New Campaign Urges Amazon To Ditch Packaging and ‘ShipNaked’ Instead

3 Mins Read

A new campaign is taking aim at the huge amounts of packaging waste as a result of our online shopping habits. Launched by nonprofit Habits of Waste, the ShipNaked initiative holds e-commerce giants like Amazon and Walmart to account, asking them to do their part by delivering items without extra packaging. 

Habits of Waste (HoW), says it’s high time that online shopping giants start unboxing their shipments. In their new campaign, ShipNaked, the organisation spotlights the enormous number of plastic bags, wrappers, tissue paper and cardboard boxes that e-commerce companies use. 

Packaging waste is on the rise 

We can all agree that all these bits of packaging are unnecessary. Once delivered, the majority of these boxes and bags simply get tossed into a landfill. And with global e-commerce sales continuing to skyrocket amid the pandemic, we’re only going to see our waste crisis get worse. 

Our online shopping habits are fuelling excessive packaging waste. (Image: Pexels)

In fact, we’re ordering so much now that e-retail sales are set to reach US$4.8 trillion by the end of this year. Amazon alone already ships nearly 2 million parcels per day and leaves behind 465 million pounds of plastic packaging waste annually. Every year, we throw away 850 million tons of paper and cardboard—equivalent to 1 billion trees. 

HoW says that these figures are only set to rise unless companies change the way they deliver, and that’s the premise of the ShipNaked campaign. 

It’s a simple switch

There are many different problems to tackle when it comes to the global waste crisis; there isn’t one single fix. But given the scale of packaging waste from online shopping, ShipNaked believes a significant impact could be made if companies made a simple switch. 

For those products that already have their own packaging, just deliver them without any additional boxes or plastic wrap. 

“By creating this simple change we will immediately reduce millions of pounds of plastic waste and cardboard waste,” explained the organisation. HoW is now asking consumers to join in by calling, writing or emailing big online retailers like Amazon, Walmart and Target to ShipNaked.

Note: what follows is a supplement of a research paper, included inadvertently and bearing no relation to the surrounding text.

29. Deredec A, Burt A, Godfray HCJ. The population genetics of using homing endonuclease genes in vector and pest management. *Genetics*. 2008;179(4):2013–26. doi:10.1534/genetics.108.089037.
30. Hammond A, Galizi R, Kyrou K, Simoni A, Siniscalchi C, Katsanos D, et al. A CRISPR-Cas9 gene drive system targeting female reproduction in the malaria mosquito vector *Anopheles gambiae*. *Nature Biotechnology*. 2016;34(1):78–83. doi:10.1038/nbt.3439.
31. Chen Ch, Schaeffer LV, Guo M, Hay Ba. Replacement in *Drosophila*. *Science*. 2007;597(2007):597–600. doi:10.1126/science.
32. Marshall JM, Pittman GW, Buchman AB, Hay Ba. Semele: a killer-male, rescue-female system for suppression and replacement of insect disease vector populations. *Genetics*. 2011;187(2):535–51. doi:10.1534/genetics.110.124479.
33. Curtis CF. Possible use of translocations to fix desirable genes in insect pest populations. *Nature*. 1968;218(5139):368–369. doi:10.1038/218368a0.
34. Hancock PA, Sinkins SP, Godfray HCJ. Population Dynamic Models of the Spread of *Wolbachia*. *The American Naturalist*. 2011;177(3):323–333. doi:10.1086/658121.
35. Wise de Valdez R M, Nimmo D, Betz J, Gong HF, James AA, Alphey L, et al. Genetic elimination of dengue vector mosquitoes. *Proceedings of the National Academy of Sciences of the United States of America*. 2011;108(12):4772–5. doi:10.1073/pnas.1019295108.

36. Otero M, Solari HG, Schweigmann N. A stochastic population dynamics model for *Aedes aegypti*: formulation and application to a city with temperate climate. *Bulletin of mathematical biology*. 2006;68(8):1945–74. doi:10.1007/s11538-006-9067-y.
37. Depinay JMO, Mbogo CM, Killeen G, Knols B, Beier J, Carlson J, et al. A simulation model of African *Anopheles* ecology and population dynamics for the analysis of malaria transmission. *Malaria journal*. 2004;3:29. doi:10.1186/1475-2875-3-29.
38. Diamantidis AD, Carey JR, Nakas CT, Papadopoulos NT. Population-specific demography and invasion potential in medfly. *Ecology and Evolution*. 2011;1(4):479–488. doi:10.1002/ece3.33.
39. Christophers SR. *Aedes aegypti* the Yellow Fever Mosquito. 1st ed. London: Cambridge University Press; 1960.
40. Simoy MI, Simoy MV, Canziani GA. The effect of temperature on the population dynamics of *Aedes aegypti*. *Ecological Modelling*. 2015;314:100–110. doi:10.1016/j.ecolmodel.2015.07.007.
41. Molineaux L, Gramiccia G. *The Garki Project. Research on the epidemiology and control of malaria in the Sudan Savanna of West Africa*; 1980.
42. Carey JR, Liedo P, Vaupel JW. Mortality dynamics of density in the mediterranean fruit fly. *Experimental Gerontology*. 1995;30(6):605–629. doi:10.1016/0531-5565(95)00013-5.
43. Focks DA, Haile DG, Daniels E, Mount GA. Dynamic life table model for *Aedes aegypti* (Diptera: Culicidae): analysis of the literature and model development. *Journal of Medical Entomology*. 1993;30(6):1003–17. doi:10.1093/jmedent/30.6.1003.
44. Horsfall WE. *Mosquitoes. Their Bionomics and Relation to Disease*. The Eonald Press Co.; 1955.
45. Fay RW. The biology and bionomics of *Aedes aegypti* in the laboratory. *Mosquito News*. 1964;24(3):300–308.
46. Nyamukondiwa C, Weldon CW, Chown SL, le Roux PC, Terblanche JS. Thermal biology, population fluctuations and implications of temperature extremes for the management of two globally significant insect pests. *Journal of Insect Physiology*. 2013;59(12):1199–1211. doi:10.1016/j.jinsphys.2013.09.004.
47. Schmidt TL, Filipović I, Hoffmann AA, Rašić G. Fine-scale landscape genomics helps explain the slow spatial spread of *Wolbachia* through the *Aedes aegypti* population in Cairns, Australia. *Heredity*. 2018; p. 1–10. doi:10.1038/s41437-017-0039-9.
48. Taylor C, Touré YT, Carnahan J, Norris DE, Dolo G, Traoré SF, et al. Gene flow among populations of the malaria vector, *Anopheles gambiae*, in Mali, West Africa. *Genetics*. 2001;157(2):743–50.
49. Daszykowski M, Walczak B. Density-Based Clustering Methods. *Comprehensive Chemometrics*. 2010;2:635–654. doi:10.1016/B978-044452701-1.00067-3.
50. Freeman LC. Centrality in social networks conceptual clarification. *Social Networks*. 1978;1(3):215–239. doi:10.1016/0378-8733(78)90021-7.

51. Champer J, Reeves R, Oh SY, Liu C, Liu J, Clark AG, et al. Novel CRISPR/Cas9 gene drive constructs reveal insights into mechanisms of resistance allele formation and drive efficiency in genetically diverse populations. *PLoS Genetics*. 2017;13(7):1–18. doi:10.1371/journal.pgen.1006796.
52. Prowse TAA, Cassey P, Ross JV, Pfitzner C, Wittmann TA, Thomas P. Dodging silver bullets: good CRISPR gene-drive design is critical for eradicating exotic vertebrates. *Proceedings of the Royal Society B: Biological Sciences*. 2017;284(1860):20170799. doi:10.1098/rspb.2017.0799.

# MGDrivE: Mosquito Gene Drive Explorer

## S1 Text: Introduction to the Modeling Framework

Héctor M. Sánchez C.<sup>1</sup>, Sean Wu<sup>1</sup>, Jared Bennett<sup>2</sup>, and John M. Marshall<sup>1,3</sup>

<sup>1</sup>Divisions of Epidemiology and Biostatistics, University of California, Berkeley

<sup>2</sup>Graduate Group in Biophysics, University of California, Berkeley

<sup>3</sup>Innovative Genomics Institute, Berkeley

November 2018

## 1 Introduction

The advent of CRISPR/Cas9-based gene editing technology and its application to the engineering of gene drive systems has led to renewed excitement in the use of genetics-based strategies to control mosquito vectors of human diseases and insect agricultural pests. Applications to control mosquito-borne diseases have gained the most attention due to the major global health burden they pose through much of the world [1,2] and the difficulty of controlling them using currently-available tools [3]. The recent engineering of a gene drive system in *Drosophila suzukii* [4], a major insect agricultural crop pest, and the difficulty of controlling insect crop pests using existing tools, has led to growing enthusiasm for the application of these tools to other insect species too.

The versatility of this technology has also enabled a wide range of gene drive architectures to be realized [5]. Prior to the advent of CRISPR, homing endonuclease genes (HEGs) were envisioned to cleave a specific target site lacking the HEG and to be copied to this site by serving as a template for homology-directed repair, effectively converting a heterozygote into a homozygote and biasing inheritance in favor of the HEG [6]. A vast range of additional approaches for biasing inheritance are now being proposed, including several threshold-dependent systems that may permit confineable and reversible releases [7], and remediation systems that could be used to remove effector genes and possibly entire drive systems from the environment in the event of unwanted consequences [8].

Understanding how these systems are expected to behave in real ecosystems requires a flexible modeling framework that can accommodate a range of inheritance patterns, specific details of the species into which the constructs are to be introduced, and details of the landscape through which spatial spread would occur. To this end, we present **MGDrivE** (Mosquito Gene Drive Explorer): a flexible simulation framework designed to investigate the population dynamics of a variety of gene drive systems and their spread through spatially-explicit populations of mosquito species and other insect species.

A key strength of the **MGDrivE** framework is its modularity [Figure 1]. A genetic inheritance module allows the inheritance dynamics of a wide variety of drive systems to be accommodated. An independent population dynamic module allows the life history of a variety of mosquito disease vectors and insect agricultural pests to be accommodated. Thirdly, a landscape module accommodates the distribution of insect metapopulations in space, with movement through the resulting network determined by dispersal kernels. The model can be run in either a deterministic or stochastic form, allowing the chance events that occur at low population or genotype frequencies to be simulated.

To make it easy, HoW has also created a convenient one-click email to send emails to wasteful e-commerce firms. Another option is to take to social media, like posting an Instagram of a delivery covered in excessive packaging and using the hashtag #ShipNaked. 

Sustainable delivery solutions

Meanwhile, startups are now working on creating circular delivery solutions to help cut down on packaging waste for those items that might not come in their own packaging, like apparel or fresh produce. 

Olive delivers your online shopping in reusable shippers. (Image: Olive)

Read: These 8 circular packaging companies are racing to close the loop

Olive, for instance, is a free platform that lets customers know if an online retailer is partnered up with them. Many brands have already signed up to use the service, including Adidas, Alo, and Steve Madden, who will send out your purchases in reusable cardboard-free shippers made from recycled plastic. Olive also groups up your orders in their warehouses, even if they come from different brands, to help reduce last-mile emissions. 

Another startup, Loop, is tackling takeaway food delivery packaging, which accounts for almost half of all ocean plastic waste. Loop has partnered with fast-food giants like McDonald’s and Burger King and even retailer Tesco so consumers can get their groceries in reusable containers, cups, and bags. 

Lead image courtesy of Pexels.


  • Sally Ho

    Sally Ho is Green Queen's former resident writer and lead reporter. Passionate about the environment, social issues and health, she is always looking into the latest climate stories in Hong Kong and beyond. A long-time vegan, she also hopes to promote healthy and plant-based lifestyle choices in Asia. Sally has a background in Politics and International Relations from her studies at the London School of Economics and Political Science.

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